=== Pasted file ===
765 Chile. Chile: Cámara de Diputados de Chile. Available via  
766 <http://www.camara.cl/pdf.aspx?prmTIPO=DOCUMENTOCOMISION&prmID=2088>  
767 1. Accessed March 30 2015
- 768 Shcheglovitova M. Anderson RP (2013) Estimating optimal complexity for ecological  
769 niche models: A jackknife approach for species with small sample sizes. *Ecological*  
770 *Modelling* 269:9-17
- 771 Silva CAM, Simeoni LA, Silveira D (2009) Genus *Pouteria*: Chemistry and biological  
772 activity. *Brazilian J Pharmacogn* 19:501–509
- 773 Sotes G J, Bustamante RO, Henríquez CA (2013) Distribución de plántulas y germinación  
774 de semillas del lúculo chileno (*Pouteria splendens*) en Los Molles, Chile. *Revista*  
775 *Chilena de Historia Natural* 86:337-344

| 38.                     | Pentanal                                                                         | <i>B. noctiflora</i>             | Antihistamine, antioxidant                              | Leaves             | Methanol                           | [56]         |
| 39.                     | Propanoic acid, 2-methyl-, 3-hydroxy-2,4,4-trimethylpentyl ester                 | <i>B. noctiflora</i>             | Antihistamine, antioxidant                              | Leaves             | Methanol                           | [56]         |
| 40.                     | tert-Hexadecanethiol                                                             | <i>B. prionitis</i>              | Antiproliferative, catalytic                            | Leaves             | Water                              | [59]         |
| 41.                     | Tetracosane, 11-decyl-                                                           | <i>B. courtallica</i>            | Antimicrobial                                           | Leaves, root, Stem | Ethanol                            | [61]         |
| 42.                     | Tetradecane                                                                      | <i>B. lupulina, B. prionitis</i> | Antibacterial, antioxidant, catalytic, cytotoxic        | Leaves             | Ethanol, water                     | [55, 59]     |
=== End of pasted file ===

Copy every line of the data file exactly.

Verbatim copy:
765 Chile. Chile: Cámara de Diputados de Chile. Available via  
766 <http://www.camara.cl/pdf.aspx?prmTIPO=DOCUMENTOCOMISION&prmID=2088>  
767 1. Accessed March 30 2015
- 768 Shcheglovitova M. Anderson RP (2013) Estimating optimal complexity for ecological  
769 niche models: A jackknife approach for species with small sample sizes. *Ecological*  
770 *Modelling* 269:9-17
- 771 Silva CAM, Simeoni LA, Silveira D (2009) Genus *Pouteria*: Chemistry and biological  
772 activity. *Brazilian J Pharmacogn* 19:501–509
- 773 Sotes G J, Bustamante RO, Henríquez CA (2013) Distribución de plántulas y germinación  
774 de semillas del lúculo chileno (*Pouteria splendens*) en Los Molles, Chile. *Revista*  
775 *Chilena de Historia Natural* 86:337-344

| 38.                     | Pentanal                                                                         | <i>B. noctiflora</i>             | Antihistamine, antioxidant                              | Leaves             | Methanol                           | [56]         |
| 39.                     | Propanoic acid, 2-methyl-, 3-hydroxy-2,4,4-trimethylpentyl ester                 | <i>B. noctiflora</i>             | Antihistamine, antioxidant                              | Leaves             | Methanol                           | [56]         |
| 40.                     | tert-Hexadecanethiol                                                             | <i>B. prionitis</i>              | Antiproliferative, catalytic                            | Leaves             | Water                              | [59]         |
| 41.                     | Tetracosane, 11-decyl-                                                           | <i>B. courtallica</i>            | Antimicrobial                                           | Leaves, root, Stem | Ethanol                            | [61]         |
| 42.                     | Tetradecane                                                                      | <i>B. lupulina, B. prionitis</i> | Antibacterial, antioxidant, catalytic, cytotoxic        | Leaves             | Ethanol, water                     | [55, 59]     |